Not everybody’s favourite bird, the handsome Magpie is a real character and can brighten up any garden! Seen objectively, the striking pattern and wonderful iridescent colours of the wings and tail make this one of our most underrated and spectacular looking birds.

Spring Antics

Magpies will defend a territory (which usually covers about five acres) and will ‘sing’ some curious notes, different from the usual machine- gun chatter, to proclaim, the territory. They are a bit less obtrusive and sneaky near the nest site.

Nest Type

Magpies produce a large, domed, rather raggedy nest of sticks, usually in a tall tree under cover of vegetation, or in thorny bushes.

How you can help

Like most birds which come to gardens, Magpies will feed on a variety of food put out for them. By feeding them, you may even encourage them not predate other birds’ nests!


Goldcrest (Regulus Regulus)

Britain’s smallest bird is nowhere near as uncommon as many people seem to think. In fact, there are more than 600 thousand breeding pairs in the country. Like most of our woodland species, they are not uncommon visitors to gardens, especially where there are conifers.

Spring Antics

In spring there is usually an increase in the amount of singing: ‘see see see’ notes followed by a very rapid and complex little flourish. Territorial birds may have confrontations with rivals, spreading their crowns to reveal the orange ‘crest’.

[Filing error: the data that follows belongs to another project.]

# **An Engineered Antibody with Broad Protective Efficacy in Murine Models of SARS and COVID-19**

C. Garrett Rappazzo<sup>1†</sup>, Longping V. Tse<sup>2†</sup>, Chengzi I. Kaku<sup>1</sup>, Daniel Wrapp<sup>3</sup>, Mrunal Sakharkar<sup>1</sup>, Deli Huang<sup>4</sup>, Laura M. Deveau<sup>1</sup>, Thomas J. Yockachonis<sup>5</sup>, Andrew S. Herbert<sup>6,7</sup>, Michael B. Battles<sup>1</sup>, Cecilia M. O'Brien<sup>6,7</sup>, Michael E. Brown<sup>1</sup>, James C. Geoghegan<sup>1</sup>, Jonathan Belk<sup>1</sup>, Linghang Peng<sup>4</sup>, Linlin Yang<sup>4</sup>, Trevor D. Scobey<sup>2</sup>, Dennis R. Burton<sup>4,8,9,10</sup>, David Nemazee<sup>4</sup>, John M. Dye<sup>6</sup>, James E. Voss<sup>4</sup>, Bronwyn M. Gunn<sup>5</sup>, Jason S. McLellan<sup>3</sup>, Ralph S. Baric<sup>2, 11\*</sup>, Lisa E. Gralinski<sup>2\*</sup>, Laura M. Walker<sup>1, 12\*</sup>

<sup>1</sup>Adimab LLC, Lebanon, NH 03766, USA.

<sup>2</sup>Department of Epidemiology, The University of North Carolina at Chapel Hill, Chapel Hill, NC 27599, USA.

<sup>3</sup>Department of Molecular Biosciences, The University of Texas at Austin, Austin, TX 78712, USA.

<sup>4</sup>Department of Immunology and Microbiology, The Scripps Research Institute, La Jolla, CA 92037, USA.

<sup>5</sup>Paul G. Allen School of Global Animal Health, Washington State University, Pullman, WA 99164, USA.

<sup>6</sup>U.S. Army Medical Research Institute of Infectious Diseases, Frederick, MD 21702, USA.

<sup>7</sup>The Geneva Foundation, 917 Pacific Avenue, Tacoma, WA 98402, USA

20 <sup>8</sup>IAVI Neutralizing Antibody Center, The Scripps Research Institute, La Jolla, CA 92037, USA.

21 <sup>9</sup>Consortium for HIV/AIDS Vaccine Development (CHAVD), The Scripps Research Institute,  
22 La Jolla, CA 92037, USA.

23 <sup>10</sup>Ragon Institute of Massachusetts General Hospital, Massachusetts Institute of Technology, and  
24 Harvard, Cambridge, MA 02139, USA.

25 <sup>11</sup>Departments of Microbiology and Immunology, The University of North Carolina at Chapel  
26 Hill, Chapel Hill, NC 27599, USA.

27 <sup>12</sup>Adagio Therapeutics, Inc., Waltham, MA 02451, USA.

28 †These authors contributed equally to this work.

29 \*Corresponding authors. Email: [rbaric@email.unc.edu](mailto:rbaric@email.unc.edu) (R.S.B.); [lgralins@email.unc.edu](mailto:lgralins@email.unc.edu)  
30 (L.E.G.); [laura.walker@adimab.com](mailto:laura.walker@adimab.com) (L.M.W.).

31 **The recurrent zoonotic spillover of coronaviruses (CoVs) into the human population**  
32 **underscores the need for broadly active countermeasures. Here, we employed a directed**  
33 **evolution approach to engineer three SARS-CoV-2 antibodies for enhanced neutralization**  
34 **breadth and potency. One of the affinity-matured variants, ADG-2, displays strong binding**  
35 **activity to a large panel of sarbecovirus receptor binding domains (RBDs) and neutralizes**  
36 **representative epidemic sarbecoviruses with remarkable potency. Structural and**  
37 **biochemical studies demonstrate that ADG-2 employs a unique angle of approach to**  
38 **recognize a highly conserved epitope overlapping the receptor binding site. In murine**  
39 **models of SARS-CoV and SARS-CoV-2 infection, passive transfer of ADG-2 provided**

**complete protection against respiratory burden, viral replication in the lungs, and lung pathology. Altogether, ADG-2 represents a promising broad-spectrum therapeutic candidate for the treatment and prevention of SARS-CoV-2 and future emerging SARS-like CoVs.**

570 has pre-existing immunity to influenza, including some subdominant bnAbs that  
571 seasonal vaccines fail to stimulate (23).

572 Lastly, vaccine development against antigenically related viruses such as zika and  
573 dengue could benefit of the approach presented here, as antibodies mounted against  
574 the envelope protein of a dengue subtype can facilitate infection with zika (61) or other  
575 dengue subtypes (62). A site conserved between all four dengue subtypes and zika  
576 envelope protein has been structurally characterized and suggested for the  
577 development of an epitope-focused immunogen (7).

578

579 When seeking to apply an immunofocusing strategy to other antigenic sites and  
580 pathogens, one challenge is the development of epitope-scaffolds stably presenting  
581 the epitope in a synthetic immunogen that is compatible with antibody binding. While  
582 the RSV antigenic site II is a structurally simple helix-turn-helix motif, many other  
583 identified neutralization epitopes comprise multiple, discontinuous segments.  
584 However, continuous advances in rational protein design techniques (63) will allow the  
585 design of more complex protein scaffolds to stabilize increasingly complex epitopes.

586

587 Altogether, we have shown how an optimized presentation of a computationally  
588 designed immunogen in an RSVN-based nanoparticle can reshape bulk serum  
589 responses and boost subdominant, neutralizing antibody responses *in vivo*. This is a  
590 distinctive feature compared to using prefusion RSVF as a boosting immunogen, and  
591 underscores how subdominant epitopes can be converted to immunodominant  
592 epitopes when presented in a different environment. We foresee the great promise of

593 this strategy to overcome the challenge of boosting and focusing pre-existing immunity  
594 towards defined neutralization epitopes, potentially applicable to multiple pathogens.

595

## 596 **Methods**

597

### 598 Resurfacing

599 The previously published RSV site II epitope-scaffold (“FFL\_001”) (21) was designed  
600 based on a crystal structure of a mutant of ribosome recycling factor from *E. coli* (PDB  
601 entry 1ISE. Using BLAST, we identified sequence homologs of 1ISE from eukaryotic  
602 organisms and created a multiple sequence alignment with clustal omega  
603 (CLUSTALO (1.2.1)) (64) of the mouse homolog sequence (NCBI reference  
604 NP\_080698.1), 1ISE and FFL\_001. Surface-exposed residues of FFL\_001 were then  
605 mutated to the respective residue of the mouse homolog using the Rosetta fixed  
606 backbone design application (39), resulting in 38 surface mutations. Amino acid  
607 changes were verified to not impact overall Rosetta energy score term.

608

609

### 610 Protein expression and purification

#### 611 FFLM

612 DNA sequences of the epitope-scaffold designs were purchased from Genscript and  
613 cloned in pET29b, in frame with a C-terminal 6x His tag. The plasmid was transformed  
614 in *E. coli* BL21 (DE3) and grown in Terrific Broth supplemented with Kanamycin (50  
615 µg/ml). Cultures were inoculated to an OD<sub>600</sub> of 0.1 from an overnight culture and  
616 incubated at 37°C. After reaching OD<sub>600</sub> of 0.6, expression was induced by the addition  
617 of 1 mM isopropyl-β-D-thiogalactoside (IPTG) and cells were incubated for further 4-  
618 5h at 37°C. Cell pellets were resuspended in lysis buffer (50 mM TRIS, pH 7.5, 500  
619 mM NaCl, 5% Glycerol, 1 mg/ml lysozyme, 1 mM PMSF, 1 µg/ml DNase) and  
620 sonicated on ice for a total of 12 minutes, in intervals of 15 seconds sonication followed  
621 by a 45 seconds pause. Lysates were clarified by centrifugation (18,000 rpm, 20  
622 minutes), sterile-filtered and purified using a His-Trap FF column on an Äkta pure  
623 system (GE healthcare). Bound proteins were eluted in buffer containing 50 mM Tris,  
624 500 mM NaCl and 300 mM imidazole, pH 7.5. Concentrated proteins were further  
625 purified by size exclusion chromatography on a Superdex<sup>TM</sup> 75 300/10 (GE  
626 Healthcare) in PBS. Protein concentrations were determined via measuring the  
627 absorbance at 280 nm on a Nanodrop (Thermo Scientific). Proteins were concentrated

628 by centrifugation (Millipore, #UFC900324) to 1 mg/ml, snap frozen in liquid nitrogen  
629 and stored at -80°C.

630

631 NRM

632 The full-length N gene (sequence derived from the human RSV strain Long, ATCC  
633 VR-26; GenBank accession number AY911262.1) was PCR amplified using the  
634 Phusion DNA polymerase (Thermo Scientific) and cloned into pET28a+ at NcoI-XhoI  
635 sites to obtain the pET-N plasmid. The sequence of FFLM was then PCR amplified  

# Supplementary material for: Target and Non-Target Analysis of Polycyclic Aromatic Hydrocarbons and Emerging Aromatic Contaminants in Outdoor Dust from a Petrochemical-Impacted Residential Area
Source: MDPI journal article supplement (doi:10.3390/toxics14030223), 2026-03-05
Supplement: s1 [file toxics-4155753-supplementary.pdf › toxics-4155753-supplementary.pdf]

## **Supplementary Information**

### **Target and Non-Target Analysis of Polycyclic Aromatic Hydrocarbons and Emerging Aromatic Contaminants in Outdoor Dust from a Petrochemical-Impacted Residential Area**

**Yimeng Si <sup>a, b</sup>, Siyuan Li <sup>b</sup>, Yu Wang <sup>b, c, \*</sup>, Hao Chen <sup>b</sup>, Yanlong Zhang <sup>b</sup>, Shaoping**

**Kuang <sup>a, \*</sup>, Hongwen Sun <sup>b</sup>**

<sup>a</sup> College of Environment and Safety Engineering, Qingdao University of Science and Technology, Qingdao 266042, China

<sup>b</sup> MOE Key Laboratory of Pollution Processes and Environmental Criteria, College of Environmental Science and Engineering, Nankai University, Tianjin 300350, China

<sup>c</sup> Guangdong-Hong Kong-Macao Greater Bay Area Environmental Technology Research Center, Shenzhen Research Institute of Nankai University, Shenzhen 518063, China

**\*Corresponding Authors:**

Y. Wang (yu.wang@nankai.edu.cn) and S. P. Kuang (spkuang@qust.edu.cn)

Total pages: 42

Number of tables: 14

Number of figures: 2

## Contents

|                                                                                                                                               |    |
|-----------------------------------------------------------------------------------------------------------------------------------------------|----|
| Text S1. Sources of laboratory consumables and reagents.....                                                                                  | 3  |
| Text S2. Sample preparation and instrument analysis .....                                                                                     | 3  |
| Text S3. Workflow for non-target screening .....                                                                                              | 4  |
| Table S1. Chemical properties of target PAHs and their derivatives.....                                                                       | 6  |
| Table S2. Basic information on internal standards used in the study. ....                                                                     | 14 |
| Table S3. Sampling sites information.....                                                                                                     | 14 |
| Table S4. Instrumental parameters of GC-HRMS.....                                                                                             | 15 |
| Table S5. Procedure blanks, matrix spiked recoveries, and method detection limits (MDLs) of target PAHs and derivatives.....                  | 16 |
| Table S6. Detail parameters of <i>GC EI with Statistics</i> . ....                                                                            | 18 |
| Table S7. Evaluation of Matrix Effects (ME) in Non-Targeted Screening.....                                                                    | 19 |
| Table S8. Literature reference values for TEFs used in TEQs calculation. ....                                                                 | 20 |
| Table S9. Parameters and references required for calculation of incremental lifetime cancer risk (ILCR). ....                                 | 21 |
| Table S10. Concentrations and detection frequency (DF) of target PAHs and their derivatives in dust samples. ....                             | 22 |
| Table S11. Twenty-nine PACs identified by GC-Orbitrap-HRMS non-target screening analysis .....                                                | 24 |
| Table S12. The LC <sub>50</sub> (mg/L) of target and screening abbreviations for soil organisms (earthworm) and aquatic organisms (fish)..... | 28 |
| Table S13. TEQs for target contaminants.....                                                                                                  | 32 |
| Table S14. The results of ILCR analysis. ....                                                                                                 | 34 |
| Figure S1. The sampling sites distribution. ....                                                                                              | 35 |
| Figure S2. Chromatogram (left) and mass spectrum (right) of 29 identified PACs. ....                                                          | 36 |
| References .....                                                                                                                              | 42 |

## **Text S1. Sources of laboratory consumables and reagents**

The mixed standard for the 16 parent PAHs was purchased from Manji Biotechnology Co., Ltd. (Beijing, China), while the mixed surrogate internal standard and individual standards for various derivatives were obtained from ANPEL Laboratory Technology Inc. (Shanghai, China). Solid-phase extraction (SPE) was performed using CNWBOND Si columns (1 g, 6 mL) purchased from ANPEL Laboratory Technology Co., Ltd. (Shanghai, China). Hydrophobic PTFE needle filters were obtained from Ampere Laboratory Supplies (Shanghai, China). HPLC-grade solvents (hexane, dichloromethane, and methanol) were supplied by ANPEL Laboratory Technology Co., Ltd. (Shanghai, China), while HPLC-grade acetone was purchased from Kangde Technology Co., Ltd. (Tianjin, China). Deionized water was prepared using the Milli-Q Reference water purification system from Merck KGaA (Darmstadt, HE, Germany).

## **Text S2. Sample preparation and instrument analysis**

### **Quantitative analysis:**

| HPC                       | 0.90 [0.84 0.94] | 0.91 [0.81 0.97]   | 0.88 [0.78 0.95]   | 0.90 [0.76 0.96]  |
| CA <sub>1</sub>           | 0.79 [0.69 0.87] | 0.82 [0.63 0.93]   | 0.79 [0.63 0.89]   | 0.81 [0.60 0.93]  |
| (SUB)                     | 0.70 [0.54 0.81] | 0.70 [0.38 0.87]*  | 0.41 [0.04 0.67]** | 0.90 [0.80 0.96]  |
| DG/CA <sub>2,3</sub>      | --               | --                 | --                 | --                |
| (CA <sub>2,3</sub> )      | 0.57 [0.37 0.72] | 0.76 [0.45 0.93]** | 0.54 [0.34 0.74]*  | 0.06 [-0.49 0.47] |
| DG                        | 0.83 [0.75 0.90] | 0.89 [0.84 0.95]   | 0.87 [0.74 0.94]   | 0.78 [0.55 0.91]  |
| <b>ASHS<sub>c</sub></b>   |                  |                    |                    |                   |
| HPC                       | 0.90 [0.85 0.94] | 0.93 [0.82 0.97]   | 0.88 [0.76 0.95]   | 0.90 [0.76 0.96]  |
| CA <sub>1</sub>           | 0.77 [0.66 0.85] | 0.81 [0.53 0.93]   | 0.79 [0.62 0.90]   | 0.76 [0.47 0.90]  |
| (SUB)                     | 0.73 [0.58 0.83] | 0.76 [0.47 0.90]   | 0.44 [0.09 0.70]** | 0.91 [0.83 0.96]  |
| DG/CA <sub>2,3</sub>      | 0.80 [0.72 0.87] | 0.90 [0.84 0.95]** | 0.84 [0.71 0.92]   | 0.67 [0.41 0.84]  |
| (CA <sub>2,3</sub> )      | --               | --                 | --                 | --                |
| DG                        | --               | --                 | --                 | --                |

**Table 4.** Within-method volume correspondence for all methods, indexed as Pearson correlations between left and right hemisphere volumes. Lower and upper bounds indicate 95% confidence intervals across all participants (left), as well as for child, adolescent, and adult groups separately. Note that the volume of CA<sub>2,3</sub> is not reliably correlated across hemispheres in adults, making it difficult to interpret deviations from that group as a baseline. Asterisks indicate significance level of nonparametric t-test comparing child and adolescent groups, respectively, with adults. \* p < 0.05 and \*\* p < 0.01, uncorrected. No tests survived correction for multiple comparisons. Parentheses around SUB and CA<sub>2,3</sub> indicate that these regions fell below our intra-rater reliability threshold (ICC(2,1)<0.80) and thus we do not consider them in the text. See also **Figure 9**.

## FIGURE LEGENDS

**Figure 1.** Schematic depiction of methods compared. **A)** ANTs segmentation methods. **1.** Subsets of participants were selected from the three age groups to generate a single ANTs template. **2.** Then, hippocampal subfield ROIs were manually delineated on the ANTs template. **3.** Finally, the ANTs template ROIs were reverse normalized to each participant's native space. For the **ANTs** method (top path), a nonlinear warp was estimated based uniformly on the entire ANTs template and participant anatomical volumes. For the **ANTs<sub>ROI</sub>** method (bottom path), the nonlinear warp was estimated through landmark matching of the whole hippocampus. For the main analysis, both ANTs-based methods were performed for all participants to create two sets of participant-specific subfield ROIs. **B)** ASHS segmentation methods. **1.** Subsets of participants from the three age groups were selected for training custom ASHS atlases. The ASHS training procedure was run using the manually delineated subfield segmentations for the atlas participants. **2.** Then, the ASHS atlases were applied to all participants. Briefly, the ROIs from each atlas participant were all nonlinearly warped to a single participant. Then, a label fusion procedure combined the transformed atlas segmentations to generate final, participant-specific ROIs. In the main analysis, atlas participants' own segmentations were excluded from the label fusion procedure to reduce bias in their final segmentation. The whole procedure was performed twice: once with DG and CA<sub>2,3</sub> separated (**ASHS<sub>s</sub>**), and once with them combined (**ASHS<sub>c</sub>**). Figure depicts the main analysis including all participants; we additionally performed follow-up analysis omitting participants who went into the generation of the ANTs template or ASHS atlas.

Nest Type

The nest is small and very neat, being a tiny ‘hammock-like’ structure made on the thin twigs of a conifer. Multiple brooded, females may lay more eggs even before the first brood have fledged.

How you can help

Grow conifers in your garden! Goldcrests may come to fat ball feeders (remember, never use the net type ones, as they can trap birds’ feet).


Swallow (Hirundinidae)

Not a bird everyone thinks of as a garden species, the presence or absence of nesting Swallows depends greatly on where you live. These are almost exclusively rural birds.

Spring Antics

Arriving in the UK from April onwards, the males start to proclaim territory with a complex, rapid-fire twittering song. Swallows usually return to the same site each year.

Nest Type

Swallows nest in out buildings (barns, sheds etc) usually in rural locations, such as the edge of villages or farm buildings. They require decent feeding habitat with plenty of insects. The cup-shaped nest of mud and straw is affixed to a beam or ledge near the roof.

How you can help

Leave an opening in any suitable outbuilding for the Swallows to come in and out. You can add additional wooden platforms in these buildings for the nest to be built on.